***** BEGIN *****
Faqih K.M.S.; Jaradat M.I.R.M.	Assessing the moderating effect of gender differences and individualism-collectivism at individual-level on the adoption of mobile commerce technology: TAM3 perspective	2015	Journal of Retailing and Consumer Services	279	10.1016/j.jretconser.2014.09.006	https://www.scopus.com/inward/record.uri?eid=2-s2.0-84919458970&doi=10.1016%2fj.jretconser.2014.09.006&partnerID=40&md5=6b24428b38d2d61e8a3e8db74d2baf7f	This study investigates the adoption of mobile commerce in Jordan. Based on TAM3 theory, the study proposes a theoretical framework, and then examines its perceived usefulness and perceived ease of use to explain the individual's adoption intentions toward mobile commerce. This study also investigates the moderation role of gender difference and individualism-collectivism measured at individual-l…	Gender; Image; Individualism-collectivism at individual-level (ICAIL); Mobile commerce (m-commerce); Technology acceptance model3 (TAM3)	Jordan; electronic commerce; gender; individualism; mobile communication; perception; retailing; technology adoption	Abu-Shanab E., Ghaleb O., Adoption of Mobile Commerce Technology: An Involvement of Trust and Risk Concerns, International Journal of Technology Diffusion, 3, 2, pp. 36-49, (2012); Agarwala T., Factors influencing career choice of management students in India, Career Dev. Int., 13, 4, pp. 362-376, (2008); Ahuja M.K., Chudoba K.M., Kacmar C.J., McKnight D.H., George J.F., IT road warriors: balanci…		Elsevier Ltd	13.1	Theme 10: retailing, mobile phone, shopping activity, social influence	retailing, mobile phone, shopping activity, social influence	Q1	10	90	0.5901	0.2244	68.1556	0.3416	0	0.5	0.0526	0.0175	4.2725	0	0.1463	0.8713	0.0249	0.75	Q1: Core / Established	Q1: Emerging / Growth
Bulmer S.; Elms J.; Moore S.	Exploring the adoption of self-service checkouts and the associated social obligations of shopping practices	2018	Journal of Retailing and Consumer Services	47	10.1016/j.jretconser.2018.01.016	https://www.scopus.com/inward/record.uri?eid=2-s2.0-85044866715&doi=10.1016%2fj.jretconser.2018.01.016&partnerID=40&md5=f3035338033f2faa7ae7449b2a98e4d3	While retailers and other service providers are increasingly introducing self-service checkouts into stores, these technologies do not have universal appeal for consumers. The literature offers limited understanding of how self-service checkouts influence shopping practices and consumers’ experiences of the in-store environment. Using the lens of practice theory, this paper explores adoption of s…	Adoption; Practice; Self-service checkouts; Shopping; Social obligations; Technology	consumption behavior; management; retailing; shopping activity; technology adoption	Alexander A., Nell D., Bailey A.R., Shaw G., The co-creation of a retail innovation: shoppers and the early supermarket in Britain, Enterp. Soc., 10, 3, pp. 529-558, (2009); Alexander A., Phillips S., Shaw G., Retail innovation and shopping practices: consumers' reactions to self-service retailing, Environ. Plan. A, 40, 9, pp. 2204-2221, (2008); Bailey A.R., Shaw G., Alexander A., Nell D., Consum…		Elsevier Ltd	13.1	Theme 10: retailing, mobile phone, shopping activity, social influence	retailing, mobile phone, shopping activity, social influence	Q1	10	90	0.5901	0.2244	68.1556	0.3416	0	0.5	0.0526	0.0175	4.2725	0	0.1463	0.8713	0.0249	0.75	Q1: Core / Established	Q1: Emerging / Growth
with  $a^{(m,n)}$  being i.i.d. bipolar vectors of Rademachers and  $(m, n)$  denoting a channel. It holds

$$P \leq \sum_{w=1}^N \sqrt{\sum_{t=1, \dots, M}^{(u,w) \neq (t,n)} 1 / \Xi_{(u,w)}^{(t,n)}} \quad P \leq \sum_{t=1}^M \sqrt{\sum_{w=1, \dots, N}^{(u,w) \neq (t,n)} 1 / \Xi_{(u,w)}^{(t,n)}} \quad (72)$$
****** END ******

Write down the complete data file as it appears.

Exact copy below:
Faqih K.M.S.; Jaradat M.I.R.M.	Assessing the moderating effect of gender differences and individualism-collectivism at individual-level on the adoption of mobile commerce technology: TAM3 perspective	2015	Journal of Retailing and Consumer Services	279	10.1016/j.jretconser.2014.09.006	https://www.scopus.com/inward/record.uri?eid=2-s2.0-84919458970&doi=10.1016%2fj.jretconser.2014.09.006&partnerID=40&md5=6b24428b38d2d61e8a3e8db74d2baf7f	This study investigates the adoption of mobile commerce in Jordan. Based on TAM3 theory, the study proposes a theoretical framework, and then examines its perceived usefulness and perceived ease of use to explain the individual's adoption intentions toward mobile commerce. This study also investigates the moderation role of gender difference and individualism-collectivism measured at individual-l…	Gender; Image; Individualism-collectivism at individual-level (ICAIL); Mobile commerce (m-commerce); Technology acceptance model3 (TAM3)	Jordan; electronic commerce; gender; individualism; mobile communication; perception; retailing; technology adoption	Abu-Shanab E., Ghaleb O., Adoption of Mobile Commerce Technology: An Involvement of Trust and Risk Concerns, International Journal of Technology Diffusion, 3, 2, pp. 36-49, (2012); Agarwala T., Factors influencing career choice of management students in India, Career Dev. Int., 13, 4, pp. 362-376, (2008); Ahuja M.K., Chudoba K.M., Kacmar C.J., McKnight D.H., George J.F., IT road warriors: balanci…		Elsevier Ltd	13.1	Theme 10: retailing, mobile phone, shopping activity, social influence	retailing, mobile phone, shopping activity, social influence	Q1	10	90	0.5901	0.2244	68.1556	0.3416	0	0.5	0.0526	0.0175	4.2725	0	0.1463	0.8713	0.0249	0.75	Q1: Core / Established	Q1: Emerging / Growth
Bulmer S.; Elms J.; Moore S.	Exploring the adoption of self-service checkouts and the associated social obligations of shopping practices	2018	Journal of Retailing and Consumer Services	47	10.1016/j.jretconser.2018.01.016	https://www.scopus.com/inward/record.uri?eid=2-s2.0-85044866715&doi=10.1016%2fj.jretconser.2018.01.016&partnerID=40&md5=f3035338033f2faa7ae7449b2a98e4d3	While retailers and other service providers are increasingly introducing self-service checkouts into stores, these technologies do not have universal appeal for consumers. The literature offers limited understanding of how self-service checkouts influence shopping practices and consumers’ experiences of the in-store environment. Using the lens of practice theory, this paper explores adoption of s…	Adoption; Practice; Self-service checkouts; Shopping; Social obligations; Technology	consumption behavior; management; retailing; shopping activity; technology adoption	Alexander A., Nell D., Bailey A.R., Shaw G., The co-creation of a retail innovation: shoppers and the early supermarket in Britain, Enterp. Soc., 10, 3, pp. 529-558, (2009); Alexander A., Phillips S., Shaw G., Retail innovation and shopping practices: consumers' reactions to self-service retailing, Environ. Plan. A, 40, 9, pp. 2204-2221, (2008); Bailey A.R., Shaw G., Alexander A., Nell D., Consum…		Elsevier Ltd	13.1	Theme 10: retailing, mobile phone, shopping activity, social influence	retailing, mobile phone, shopping activity, social influence	Q1	10	90	0.5901	0.2244	68.1556	0.3416	0	0.5	0.0526	0.0175	4.2725	0	0.1463	0.8713	0.0249	0.75	Q1: Core / Established	Q1: Emerging / Growth
with  $a^{(m,n)}$  being i.i.d. bipolar vectors of Rademachers and  $(m, n)$  denoting a channel. It holds

$$P \leq \sum_{w=1}^N \sqrt{\sum_{t=1, \dots, M}^{(u,w) \neq (t,n)} 1 / \Xi_{(u,w)}^{(t,n)}} \quad P \leq \sum_{t=1}^M \sqrt{\sum_{w=1, \dots, N}^{(u,w) \neq (t,n)} 1 / \Xi_{(u,w)}^{(t,n)}} \quad (72)$$